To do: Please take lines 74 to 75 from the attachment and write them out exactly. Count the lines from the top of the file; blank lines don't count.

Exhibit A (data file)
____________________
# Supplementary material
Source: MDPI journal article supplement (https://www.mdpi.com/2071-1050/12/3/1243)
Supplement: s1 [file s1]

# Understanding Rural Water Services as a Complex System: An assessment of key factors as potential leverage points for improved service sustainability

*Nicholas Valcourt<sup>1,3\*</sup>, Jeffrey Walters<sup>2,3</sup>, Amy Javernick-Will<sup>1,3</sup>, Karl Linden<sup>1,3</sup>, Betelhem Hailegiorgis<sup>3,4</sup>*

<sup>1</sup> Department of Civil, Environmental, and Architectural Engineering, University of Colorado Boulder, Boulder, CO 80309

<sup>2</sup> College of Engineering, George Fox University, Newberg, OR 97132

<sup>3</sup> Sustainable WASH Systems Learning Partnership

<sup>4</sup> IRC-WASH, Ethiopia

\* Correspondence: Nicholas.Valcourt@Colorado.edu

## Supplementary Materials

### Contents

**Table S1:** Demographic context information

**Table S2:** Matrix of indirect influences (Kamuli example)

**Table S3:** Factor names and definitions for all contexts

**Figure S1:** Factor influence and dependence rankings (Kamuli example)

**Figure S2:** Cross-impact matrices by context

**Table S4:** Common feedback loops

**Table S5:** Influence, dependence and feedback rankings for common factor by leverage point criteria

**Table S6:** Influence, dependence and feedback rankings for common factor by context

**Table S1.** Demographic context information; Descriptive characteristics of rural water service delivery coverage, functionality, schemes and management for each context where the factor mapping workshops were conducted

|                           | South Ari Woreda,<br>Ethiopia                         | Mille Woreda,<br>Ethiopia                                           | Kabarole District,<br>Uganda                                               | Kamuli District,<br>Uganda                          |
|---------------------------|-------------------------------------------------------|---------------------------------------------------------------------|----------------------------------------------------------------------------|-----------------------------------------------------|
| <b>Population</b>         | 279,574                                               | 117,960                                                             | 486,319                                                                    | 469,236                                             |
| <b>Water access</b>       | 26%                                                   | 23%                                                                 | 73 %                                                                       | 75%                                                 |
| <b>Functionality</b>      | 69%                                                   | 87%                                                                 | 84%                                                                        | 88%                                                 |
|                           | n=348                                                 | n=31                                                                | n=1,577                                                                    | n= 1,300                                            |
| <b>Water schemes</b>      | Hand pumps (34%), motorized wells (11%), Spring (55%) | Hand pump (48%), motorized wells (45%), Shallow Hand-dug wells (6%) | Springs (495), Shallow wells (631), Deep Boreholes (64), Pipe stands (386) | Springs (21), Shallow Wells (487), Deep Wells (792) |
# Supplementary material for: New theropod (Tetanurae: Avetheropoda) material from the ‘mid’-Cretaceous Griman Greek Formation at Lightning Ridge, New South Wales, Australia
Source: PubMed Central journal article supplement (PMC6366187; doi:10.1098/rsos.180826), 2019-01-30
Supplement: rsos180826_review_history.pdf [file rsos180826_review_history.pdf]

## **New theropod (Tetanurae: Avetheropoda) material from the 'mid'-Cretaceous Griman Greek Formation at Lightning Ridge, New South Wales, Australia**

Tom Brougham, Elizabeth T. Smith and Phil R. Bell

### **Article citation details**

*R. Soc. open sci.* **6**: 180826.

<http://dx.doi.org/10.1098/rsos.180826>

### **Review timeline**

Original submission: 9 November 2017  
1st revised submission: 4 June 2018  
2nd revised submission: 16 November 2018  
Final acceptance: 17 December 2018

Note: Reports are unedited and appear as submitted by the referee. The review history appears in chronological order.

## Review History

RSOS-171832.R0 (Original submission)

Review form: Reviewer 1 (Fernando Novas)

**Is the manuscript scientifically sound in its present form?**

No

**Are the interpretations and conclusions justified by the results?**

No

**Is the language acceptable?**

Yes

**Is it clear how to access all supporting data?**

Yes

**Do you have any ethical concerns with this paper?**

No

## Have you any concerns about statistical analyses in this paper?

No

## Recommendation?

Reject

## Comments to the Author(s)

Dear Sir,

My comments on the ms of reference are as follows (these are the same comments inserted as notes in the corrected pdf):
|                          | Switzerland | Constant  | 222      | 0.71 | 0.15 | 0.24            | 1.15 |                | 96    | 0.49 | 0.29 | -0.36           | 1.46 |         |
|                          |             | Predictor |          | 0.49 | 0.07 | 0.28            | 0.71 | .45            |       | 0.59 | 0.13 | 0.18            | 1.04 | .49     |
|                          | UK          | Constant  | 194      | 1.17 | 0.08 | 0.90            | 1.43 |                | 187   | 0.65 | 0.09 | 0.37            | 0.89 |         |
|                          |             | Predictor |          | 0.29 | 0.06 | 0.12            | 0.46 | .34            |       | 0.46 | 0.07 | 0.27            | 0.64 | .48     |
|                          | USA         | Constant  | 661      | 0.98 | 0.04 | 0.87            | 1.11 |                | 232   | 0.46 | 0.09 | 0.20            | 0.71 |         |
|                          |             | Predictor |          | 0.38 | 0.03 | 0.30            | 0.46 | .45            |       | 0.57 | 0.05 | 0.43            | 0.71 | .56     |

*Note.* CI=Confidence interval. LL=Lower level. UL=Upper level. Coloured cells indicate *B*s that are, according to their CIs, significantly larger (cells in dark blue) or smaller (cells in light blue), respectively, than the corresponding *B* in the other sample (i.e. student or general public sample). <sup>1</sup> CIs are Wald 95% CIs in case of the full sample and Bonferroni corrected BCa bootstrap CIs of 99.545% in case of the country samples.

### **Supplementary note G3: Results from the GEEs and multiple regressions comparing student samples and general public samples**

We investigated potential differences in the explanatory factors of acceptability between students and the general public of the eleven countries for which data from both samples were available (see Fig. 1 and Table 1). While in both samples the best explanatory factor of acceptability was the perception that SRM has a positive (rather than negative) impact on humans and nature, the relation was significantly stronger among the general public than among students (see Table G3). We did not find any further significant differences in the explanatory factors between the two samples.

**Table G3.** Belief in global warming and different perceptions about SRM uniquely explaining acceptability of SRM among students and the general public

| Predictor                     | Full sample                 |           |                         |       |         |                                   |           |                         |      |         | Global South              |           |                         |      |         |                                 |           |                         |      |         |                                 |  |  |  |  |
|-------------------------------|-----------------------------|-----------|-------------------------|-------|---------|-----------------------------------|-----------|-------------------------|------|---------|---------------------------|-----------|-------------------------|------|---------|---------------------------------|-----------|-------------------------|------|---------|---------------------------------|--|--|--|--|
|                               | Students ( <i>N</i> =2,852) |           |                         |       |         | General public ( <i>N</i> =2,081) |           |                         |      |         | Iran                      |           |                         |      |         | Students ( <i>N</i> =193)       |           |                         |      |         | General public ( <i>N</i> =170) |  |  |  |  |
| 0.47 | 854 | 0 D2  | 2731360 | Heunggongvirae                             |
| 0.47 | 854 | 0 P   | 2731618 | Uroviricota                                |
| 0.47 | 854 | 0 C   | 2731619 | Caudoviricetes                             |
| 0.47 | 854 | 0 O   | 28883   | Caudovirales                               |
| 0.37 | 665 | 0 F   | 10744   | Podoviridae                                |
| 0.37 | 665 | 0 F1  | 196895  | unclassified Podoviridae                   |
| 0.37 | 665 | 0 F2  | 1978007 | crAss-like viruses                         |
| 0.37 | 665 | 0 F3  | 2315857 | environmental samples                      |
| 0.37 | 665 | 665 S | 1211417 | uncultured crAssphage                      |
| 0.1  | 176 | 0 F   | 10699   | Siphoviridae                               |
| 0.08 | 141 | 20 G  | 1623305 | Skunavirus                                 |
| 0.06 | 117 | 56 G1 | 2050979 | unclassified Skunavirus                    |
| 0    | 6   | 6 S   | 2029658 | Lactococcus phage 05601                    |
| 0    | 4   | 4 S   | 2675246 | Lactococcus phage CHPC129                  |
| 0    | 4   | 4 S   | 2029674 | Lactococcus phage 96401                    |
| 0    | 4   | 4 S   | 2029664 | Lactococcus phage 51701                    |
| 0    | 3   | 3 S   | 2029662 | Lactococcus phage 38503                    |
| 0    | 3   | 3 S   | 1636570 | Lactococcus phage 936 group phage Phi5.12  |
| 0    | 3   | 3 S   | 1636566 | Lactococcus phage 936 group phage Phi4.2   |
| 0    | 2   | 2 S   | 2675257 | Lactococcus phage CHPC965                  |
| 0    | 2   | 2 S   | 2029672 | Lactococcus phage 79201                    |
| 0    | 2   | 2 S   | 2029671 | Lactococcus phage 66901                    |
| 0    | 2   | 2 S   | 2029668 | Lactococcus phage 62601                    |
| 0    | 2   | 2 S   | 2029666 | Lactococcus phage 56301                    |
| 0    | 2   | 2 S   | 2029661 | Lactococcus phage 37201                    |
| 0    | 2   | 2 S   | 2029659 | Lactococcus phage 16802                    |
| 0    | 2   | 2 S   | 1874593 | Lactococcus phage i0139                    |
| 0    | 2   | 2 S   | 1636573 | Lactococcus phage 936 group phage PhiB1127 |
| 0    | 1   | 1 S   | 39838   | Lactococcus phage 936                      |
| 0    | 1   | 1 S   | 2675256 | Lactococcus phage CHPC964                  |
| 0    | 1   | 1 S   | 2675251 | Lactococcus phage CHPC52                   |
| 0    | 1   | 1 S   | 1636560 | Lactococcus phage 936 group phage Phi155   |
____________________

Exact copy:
|-------------------------------|-----------------------------|-----------|-------------------------|-------|---------|-----------------------------------|-----------|-------------------------|------|---------|---------------------------|-----------|-------------------------|------|---------|---------------------------------|-----------|-------------------------|------|---------|---------------------------------|--|--|--|--|
|                               | Students ( <i>N</i> =2,852) |           |                         |       |         | General public ( <i>N</i> =2,081) |           |                         |      |         | Iran                      |           |                         |      |         | Students ( <i>N</i> =193)       |           |                         |      |         | General public ( <i>N</i> =170) |  |  |  |  |